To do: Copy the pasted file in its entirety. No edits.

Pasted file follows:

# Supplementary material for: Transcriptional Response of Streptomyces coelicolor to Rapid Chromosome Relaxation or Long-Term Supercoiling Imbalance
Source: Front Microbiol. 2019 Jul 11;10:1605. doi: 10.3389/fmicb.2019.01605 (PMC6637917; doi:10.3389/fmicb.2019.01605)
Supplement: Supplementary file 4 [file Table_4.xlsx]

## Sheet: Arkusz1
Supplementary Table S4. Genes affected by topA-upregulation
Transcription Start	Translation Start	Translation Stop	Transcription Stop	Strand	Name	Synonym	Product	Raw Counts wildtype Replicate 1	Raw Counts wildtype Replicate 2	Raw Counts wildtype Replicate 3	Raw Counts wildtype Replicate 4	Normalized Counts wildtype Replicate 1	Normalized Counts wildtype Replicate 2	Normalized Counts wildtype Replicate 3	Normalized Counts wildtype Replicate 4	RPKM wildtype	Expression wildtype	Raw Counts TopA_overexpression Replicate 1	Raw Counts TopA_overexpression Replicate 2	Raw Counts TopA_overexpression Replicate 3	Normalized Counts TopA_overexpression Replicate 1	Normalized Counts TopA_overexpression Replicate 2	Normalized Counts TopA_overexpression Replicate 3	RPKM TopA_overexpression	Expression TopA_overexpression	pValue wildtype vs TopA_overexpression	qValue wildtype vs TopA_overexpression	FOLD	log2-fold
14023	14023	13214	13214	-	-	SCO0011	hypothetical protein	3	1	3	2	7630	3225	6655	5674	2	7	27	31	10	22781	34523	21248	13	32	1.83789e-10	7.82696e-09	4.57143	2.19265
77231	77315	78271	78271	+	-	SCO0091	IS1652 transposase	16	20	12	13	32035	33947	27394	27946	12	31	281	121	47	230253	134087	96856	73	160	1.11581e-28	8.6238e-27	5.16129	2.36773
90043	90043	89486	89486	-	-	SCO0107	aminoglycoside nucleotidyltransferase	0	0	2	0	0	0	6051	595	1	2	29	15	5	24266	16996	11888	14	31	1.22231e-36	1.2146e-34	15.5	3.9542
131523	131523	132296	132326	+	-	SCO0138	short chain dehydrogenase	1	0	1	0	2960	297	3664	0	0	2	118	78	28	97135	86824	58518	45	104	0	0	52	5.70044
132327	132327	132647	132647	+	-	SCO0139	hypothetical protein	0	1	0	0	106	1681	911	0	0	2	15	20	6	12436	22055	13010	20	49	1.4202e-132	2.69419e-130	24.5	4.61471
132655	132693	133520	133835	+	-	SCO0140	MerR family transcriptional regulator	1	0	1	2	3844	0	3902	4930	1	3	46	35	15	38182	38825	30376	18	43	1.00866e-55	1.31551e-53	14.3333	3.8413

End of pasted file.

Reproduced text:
# Supplementary material for: Transcriptional Response of Streptomyces coelicolor to Rapid Chromosome Relaxation or Long-Term Supercoiling Imbalance
Source: Front Microbiol. 2019 Jul 11;10:1605. doi: 10.3389/fmicb.2019.01605 (PMC6637917; doi:10.3389/fmicb.2019.01605)
Supplement: Supplementary file 4 [file Table_4.xlsx]

## Sheet: Arkusz1
Supplementary Table S4. Genes affected by topA-upregulation
Transcription Start	Translation Start	Translation Stop	Transcription Stop	Strand	Name	Synonym	Product	Raw Counts wildtype Replicate 1	Raw Counts wildtype Replicate 2	Raw Counts wildtype Replicate 3	Raw Counts wildtype Replicate 4	Normalized Counts wildtype Replicate 1	Normalized Counts wildtype Replicate 2	Normalized Counts wildtype Replicate 3	Normalized Counts wildtype Replicate 4	RPKM wildtype	Expression wildtype	Raw Counts TopA_overexpression Replicate 1	Raw Counts TopA_overexpression Replicate 2	Raw Counts TopA_overexpression Replicate 3	Normalized Counts TopA_overexpression Replicate 1	Normalized Counts TopA_overexpression Replicate 2	Normalized Counts TopA_overexpression Replicate 3	RPKM TopA_overexpression	Expression TopA_overexpression	pValue wildtype vs TopA_overexpression	qValue wildtype vs TopA_overexpression	FOLD	log2-fold
14023	14023	13214	13214	-	-	SCO0011	hypothetical protein	3	1	3	2	7630	3225	6655	5674	2	7	27	31	10	22781	34523	21248	13	32	1.83789e-10	7.82696e-09	4.57143	2.19265
77231	77315	78271	78271	+	-	SCO0091	IS1652 transposase	16	20	12	13	32035	33947	27394	27946	12	31	281	121	47	230253	134087	96856	73	160	1.11581e-28	8.6238e-27	5.16129	2.36773
90043	90043	89486	89486	-	-	SCO0107	aminoglycoside nucleotidyltransferase	0	0	2	0	0	0	6051	595	1	2	29	15	5	24266	16996	11888	14	31	1.22231e-36	1.2146e-34	15.5	3.9542
131523	131523	132296	132326	+	-	SCO0138	short chain dehydrogenase	1	0	1	0	2960	297	3664	0	0	2	118	78	28	97135	86824	58518	45	104	0	0	52	5.70044
132327	132327	132647	132647	+	-	SCO0139	hypothetical protein	0	1	0	0	106	1681	911	0	0	2	15	20	6	12436	22055	13010	20	49	1.4202e-132	2.69419e-130	24.5	4.61471
132655	132693	133520	133835	+	-	SCO0140	MerR family transcriptional regulator	1	0	1	2	3844	0	3902	4930	1	3	46	35	15	38182	38825	30376	18	43	1.00866e-55	1.31551e-53	14.3333	3.8413